On Thursday 8th March, three Brechin Road Runners travelled to Aberdeen in order to attend an informal discussion with Robbie Simpson and Fraser Clyne. The event was hosted by Will Stewart who is the manager of the Aberdeen branch of Run 4 It.
The event was free, but with the option of donating to the charity SensationALL, which raises money to provide multi-sensory experiences for children and adults with disabilities and multiple support needs.
The evening was rescheduled from the previous week after the “Beast from the East” took hold of most of the UK.
We were lucky to be able to tap into the knowledge and experience of two truly great Scottish Athletes who were happy to both relive past glories (Fraser Clyne) and, in the case of Robbie Simpson, life at the top of the current mountain and distance running scene.
Fraser Clyne has represented both Great Britain and Scotland at various times during his running career, most notably at the Edinburgh Commonwealth Games in 1986. With Personal Best times of 29:23 for 10k, 63.52 half marathon and a marathon time of 2:11:50, his performances are something to aspire to. Even more impressively, these were times achieved while holding down a job.
Robbie Simson has also represented Great Britain, most notably on the Mountains where he is currently in possession of a Bronze medal from the World Mountain Running Championships. Other notable Personal Best times are 29:22 for 10k, 64:27 half marathon and a Marathon time of 2:15:04.
I expected a more formal talk rather the informal Q&A. However Fraser Clyne, who mostly handed the floor to Robbie Simpson, expertly kept the conversation flowing freely. Fortunately there were members in the audience who were not shy in coming forward with good questions.
The main notable thing from the talk was the change in attitude to diets. Fraser explained the trend in the nineteen eighties of starving the body of carbohydrates, then loading up in the days prior to the race. He also discussed the major change in the type of kit worn by the athletes. Technical gear has come a long way in the past 30 years. We were shown an old Scotland vest made up of 100% cotton, which must have made for an extremely warm and dehydrated marathon. Another aspect of kit improvements touched on was the latest technology in shoe design. Robbie had his Nike Zoom Vapourfly Elite Shoe on show which have a rigid carbon sole that will last only 100 miles. These are a snip at an approximate retail price of £160.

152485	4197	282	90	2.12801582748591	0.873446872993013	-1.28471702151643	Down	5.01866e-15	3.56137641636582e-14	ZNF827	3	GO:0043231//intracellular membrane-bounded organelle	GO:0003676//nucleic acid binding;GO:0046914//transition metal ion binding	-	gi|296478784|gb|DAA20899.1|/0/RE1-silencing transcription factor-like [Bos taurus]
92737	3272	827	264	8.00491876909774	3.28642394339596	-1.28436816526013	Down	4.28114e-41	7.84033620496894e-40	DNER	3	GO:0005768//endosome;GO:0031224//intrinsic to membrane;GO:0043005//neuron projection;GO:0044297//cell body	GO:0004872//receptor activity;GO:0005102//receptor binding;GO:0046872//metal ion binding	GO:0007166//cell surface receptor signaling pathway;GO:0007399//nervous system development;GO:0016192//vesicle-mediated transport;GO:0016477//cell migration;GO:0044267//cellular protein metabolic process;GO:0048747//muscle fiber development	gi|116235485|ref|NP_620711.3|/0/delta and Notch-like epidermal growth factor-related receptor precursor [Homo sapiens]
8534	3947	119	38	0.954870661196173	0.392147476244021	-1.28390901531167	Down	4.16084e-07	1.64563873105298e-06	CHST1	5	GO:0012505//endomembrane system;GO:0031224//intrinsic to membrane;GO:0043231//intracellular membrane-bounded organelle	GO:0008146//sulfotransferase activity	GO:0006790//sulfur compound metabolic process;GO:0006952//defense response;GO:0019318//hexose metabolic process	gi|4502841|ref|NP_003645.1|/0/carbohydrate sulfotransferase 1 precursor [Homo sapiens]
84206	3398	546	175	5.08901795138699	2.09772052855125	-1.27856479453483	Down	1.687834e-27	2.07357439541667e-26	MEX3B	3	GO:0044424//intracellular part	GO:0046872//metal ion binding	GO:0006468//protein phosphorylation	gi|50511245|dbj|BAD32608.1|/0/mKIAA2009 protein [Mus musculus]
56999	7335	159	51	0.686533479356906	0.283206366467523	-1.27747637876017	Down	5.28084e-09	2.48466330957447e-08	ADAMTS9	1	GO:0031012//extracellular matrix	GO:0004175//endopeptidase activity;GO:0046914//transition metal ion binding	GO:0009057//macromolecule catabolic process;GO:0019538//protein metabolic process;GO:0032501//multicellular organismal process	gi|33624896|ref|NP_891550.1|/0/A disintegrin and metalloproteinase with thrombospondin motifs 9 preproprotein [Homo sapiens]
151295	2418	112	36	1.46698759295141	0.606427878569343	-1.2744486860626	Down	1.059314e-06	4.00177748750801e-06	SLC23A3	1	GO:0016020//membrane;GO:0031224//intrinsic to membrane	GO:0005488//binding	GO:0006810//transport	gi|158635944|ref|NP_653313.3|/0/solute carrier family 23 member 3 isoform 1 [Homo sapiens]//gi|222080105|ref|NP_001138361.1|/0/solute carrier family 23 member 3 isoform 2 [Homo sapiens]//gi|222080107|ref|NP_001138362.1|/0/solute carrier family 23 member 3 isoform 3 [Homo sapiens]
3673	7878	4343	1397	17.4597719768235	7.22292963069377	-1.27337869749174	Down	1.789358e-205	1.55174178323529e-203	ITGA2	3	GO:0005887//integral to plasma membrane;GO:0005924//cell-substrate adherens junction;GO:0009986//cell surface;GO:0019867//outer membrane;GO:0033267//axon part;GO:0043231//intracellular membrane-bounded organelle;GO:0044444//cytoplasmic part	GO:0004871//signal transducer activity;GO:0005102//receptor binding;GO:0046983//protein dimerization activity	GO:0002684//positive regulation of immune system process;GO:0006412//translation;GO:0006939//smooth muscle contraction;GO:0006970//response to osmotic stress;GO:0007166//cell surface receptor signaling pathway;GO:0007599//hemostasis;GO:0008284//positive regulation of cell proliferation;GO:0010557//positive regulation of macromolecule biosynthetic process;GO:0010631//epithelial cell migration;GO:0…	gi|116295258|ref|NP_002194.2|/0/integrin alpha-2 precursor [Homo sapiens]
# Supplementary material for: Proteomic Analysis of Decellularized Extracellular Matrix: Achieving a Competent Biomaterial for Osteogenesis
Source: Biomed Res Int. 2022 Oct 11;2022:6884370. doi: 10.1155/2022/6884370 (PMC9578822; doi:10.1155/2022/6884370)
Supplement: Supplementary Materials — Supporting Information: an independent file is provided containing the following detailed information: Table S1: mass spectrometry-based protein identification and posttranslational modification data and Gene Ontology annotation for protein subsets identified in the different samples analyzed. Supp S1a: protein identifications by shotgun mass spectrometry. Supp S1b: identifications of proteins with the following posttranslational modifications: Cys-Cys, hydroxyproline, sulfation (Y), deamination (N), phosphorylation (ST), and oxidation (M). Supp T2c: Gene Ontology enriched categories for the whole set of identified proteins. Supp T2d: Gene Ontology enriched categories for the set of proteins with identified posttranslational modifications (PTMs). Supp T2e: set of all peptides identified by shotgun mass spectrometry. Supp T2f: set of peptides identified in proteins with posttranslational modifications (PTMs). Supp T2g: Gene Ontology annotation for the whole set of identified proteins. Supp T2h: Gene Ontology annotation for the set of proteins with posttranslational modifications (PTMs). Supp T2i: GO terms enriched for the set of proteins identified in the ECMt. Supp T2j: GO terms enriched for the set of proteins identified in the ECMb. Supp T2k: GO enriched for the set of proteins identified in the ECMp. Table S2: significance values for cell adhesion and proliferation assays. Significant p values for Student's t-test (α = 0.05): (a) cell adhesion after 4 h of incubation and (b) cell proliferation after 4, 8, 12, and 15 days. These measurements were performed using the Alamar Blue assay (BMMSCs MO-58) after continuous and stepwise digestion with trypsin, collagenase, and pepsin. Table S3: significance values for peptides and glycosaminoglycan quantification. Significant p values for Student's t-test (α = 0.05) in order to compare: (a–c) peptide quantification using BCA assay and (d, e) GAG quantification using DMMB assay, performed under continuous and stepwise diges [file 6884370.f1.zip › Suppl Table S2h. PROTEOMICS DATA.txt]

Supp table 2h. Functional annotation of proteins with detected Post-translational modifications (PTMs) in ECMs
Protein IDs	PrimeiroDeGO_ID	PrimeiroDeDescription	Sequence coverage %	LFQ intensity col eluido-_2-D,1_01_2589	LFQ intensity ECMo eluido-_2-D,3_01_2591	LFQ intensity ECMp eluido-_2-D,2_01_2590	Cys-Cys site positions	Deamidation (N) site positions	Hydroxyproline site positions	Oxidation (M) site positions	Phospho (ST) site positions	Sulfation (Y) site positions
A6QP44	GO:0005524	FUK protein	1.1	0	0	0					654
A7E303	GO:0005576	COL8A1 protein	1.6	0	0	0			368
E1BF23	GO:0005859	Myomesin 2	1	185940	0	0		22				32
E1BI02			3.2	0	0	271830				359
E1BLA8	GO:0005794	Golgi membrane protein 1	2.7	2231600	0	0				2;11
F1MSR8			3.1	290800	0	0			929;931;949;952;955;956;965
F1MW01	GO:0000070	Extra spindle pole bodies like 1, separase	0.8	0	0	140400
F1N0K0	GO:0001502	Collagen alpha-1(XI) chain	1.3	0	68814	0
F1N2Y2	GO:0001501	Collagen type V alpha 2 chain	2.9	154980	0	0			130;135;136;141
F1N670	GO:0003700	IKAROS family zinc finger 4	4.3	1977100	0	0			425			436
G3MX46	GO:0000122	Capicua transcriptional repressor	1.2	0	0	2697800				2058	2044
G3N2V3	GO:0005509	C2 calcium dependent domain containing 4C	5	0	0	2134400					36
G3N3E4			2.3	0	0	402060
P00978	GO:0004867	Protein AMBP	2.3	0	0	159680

With less than two months to go until Stirling Marathon, and running over 70 miles a week at present, I attended the event partially with the hope of finding the holy grail of marathon training. Sadly, for me, Robbie Simpson has a very black and white view of how to run a marathon. He will run on average a mind boggling 128 miles per week. Easy enough if you have lottery funding or sponsorship. Not so easy when you have a full-time job and other responsibilities. The main lesson I took from his running practices was that a lot of these miles are done at a slow pace, and the day after a long run or a hard session should always be a recovery run. Robbie was asked on fuelling during his races. It’s easy to get taken in by the many gels available on the market, hoping they will prevent you from the dreaded collapse in energy that occurs in most people between 18 – 20 miles into a marathon. Robbie did not dismiss them but at the same time didn’t seem to think they were of much benefit to him on race day, He does put half a gel in his drinks, although he did say for all the water he takes in running at speed he’s unsure how much gel he’s actually taking in! Of course we mortal runners don’t have the luxury of personal water on route. Our own Brechin Road Runner Sandy asked about Robbie’s diet and his approach was (for me) very refreshing: “I eat till I’m full and eat the right things”.
On pacing, both Fraser and Robbie advise a common sense approach. They both agreed you will not run the second half of a marathon faster than the first. Robbie will run at a comfortable pace for the first half then begin to race from around thirteen miles in. This may sound like he speeds up, but as you progress through the miles it takes more and more effort to maintain a consistent pace, so racing will likely only keep you close to a pace that previously felt comfortable.
The main thing that I took from the evening was that distance running is not a difficult sport and simply requires sheer bloody mindedness, consistent miles and training while remembering to allow recovery days to aid your body’s recovery.
I found it reassuring that someone heading to the Gold Coast to represent Scotland would be happy to take time out of an obviously busy schedule to talk and educate us club and recreational runners. It was definitely worth making the trip to Aberdeen, and if you get the chance to attend a similar event I would highly recommend it.